assumed to be exclusively a third-party slash assisstive technology's 

don't forget, every day you age, your eyesight becomes a little less 
sharp than it once was, and if you survive to a ripe old age, you, too, 
may be dependent upon summaries for tables and long descriptions 
for graphical objects...



PS: the use of the term "long description" is MISUSED by wikimedia; 
they mean that here is a list of the technical specs of the image, 
it's provenance, and permissions info -- NOT an actual description 
of the image; activating the "long description" on wikipedia leads 
only to an uncropped, full-sized graphic (in PNG format), with the 
option to download or view the actual SVG graphic; there is NOTHING
on wikipedia's "long description" pages that ACTUALLY describe the 
visual object itself, which is the purpose of LONGDESC -- not to 
provide provenance and a larger version of the image, credits, etc.
-- but to DESCRIBE the contents of the image as fully and completely
as possible.

---------- Original Message -----------
From: Lachlan Hunt <lachlan.hunt@lachy.id.au>
To: "Denis Boudreau (WebConforme)" <dboudreau@webconforme.com>
Cc: HTML WG <public-html@w3.org>
Sent: Sat, 23 Jun 2007 15:17:04 +1000
Subject: Re: dropping longdesc attribute

> Denis Boudreau (WebConforme) wrote:
> >>> Anyway, what rationale for dropping longdesc?
> >>
> >> IIRC, the reason for not including it was because very few authors 
> >> ever use it and, when it is used, it's not used properly.
> > 
> > OMG, that argument again. Who cares if it's useful.
> If a feature isn't useful, there is no need for it.  But, since 
> I didn't say it wasn't useful, I'm going to assume you actually 
> meant who cares if it's used properly.  In that case, users 
> should care!  If it's not used properly, it doesn't benefit anyone.
> > Quickly, let's trash h1 to h6 also - and let's not forget blockquote 
> > we're at it.
> The difference is that it's easy to find significant evidence to 
> justify the inclusion of h1 to h6 and blockquote.  It is not so 
> easy to find evidence for longdesc.
> > Longdesc are essential for screen readers to provide long 
> > for graphics that otherwise could not be described because the nature 
> > their content is just too complicated for a simple alt attribute.
> A description of how it benefits users when used properly 
> doesn't constitute evidence of it being used properly.  Although 
> I'm quite sure users would benefit when they stumble across a 
> site that uses it properly, the question is does it get used 
> properly on a significant number of sites?
> > Is there a single accessibility feature in HTML that will survive 
> > group? Why is the left hand (html-wg) so bluntly ignoring what the 
> > one (wai-wg) does?
> Contrary to what you may think, I am not against accessibility 
> features in HTML.  We just have different opinions about the 
> best way to achieve it.  A lot of people seem to be advocating 
> the use of accessibility add-ons, like headers="" and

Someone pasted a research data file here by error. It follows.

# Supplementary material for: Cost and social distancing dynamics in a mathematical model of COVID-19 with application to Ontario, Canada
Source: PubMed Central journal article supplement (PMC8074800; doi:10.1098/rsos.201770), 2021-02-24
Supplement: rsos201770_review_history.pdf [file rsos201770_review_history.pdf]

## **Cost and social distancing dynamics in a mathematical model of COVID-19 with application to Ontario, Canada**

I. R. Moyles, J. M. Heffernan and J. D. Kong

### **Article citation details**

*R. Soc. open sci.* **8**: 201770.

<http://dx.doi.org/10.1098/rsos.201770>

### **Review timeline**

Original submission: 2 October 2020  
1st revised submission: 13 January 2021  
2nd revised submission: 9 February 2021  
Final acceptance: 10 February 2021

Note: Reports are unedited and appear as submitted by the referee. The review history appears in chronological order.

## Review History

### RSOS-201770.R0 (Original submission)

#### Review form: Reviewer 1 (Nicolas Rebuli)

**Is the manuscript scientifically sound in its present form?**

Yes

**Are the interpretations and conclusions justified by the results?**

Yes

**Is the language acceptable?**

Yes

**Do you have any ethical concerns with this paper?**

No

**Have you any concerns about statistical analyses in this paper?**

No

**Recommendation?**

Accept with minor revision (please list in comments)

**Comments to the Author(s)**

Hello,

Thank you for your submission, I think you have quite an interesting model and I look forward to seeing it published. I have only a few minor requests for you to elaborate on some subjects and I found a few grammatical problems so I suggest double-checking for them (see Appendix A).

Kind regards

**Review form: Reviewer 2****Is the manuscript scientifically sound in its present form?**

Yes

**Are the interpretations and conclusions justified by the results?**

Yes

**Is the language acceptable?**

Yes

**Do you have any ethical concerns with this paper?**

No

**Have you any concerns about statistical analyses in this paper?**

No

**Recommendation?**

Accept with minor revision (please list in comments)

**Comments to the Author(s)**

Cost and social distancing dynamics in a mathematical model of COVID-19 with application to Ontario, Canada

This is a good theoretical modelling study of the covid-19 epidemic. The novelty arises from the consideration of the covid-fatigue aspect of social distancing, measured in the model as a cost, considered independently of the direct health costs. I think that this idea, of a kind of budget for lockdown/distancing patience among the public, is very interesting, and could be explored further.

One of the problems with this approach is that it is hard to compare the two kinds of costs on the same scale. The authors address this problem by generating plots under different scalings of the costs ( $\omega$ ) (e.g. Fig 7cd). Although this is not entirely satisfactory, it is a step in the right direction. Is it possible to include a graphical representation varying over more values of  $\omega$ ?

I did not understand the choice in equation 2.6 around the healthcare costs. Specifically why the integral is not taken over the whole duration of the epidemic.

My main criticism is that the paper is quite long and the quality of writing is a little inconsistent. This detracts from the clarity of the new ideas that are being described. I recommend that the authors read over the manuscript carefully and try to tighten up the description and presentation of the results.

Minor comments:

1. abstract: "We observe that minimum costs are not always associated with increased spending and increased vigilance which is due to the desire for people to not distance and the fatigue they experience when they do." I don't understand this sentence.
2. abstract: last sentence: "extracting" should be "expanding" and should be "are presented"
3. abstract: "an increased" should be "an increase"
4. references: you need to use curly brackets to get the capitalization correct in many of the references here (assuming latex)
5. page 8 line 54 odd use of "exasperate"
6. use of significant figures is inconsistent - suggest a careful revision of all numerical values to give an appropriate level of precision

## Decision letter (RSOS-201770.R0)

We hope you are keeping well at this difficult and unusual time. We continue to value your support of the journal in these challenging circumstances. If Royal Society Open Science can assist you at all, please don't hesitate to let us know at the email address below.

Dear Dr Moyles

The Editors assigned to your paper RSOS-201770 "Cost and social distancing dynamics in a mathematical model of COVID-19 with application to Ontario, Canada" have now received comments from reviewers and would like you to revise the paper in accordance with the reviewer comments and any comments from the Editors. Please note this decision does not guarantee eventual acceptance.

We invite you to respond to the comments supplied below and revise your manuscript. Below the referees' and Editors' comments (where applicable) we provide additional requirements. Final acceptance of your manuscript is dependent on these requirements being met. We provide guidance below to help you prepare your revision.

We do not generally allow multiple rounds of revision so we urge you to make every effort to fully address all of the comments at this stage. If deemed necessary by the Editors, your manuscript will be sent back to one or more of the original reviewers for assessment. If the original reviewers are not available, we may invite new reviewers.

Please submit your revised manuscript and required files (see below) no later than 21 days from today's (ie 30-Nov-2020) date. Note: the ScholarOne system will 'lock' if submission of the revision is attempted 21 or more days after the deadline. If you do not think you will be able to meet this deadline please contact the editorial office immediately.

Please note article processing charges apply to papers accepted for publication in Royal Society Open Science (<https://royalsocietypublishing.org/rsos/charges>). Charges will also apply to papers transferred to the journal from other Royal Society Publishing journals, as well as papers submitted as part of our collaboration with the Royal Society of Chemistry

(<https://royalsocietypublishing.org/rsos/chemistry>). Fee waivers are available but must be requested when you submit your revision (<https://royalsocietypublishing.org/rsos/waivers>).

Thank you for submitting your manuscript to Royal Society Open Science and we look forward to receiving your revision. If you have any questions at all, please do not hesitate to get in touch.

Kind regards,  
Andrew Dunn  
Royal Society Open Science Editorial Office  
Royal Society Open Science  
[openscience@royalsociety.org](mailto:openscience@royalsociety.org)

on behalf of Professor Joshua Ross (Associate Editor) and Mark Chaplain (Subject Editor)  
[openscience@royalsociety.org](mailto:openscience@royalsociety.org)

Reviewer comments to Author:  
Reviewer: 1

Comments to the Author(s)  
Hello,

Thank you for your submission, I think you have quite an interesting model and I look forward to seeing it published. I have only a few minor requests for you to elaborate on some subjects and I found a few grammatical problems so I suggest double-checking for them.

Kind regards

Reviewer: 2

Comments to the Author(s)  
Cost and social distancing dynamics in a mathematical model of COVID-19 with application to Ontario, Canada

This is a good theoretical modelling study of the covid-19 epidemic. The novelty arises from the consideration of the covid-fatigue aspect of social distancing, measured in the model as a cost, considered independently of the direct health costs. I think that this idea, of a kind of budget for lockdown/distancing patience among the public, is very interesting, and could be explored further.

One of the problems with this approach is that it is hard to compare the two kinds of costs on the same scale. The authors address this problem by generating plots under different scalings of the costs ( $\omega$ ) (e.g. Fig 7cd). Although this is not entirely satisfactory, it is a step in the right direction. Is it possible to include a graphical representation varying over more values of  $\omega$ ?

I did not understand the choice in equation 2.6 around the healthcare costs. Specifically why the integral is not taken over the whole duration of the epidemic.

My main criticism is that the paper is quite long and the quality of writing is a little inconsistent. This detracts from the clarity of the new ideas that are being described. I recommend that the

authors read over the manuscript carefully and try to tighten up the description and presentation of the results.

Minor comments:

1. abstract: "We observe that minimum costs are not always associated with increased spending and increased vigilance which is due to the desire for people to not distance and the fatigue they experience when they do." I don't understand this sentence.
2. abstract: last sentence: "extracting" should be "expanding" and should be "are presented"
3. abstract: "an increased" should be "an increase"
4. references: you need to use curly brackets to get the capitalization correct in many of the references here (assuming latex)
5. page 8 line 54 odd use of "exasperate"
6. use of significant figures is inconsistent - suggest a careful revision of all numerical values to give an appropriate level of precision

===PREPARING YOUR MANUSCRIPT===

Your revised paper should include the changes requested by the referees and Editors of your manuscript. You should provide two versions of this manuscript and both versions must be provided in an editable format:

> longdesc="".  However, a much better approach to accessibility 
> is to try and cater for it as part of the fundamental design,
>  not include it as an afterthought.
> For that reason, I would prefer if accessibility could be 
> achived without things such as headers="" and longdesc="".  That 
> is why, for example, I essentially argued that it would be 
> better for accessibility if the headers attribute was redundant 
> in most (if not all) cases, since it would achieve the same 
> result with less effort from authors.  That is why so many 
> arguments against headers were trying and show that the example 
> tables provided did not need to use the headers attribute.  That 
> is why so much evidence got question because the headers 
> attribute was either redundant, or used wrongly.
> >> More research on the issue is welcome.  In particular, evidence of 
> >> significant real world usage that provides a practical benefit to 
> >> users would be good.
> > 
> > And why should we bother? There has been a lot of efforts made 
> > previously by John (Folliot) and others in order to save summary and 
> > headers in tables. Still, the draft hasn't backed out one bit on the 
> > subject.
> Ok, let's put this in perspective, shall we?  Hixie has about 
> 5000 unanswered emails (if not more) relating to hundreds of 
> unresolved issues, spanning over 3 years of development.  Rest 
> assured that the headers issue will be dealt with in due course. 
>  A final decision has not yet been made.
> > Lachlan, why wouldn't you, for a change (as John had so eloquently
> > asked previously), provide evidence that this attribute is useless?
> I am not arguing that it's useless.  My argument is simply that 
> there is not yet enough evidence to support its inclusion and 
> that we should investigate better alternatives, if possible.
> Anyway, the following are the results of a search containing 
> about 100 billion <img> elements [1].  About 80 million (0.08%)
>  had a longdesc attribute specified.  Of those, about 33 million 
> were blank.  From this, we can conclude that about 41% of all 
> longdesc attributes are definitely used incorrectly.  That 
> leaves an upper bound of about 47 million 
> (0.047%) longdesc attributes in the sample that may be used 
> correctly. However, it is quite likely that many of those don't 
> contain a URI, or link to a description that isn't particularly useful.
> But as I said, more research is welcome.  A final decision has 
> not been made on this issue.
> > Those of us who work with screen reader users on a regular basis
> > know that this attribute is extremely relevant when it is used 
> Then you should have plenty of evidence available to show where 
> it has been used in useful ways.
> I know wikipedia uses it, but the question is, is it used in a 
> useful way?  This is an example taken from wikipedia:
> <a href="/wiki/Image:Stargate_SG-1_Season_9_Title.jpg" 
> class="image" title=""><img alt="" 
> longdesc="/wiki/Image:Stargate_SG-1_Season_9_Title.jpg" 
> src="http://upload.wikimedia.org/wikipedia/en/thumb/d/d5/Stargate_SG-
1_Season_9_Title.jpg/250px-Stargate_SG-1_Season_9_Title.jpg" height="141" 
width="250"></a><br> <small>Stargate SG-1 intertitle (Seasons 9-10)
> The longdesc attribute points to the same location as the link.  
> So, arguably, nothing would be lost if the longdesc was removed. 
>  It's also questionable whether the page it links to actually 
> qualifies as a long description.  The image pages on wikipedia 
> generally don't describe the image in any useful way for 
> assistive technology.  They usually just provide a larger 
> version of the image, copyright info, file history, etc.
> [1] (Source: Unpublished Google internal survey of several 
> billion pages conducted in September 2006.)
> -- 
> Lachlan Hunt
> http://lachy.id.au/
------- End of Original Message -------

Received on Sunday, 24 June 2007 18:49:56 UTC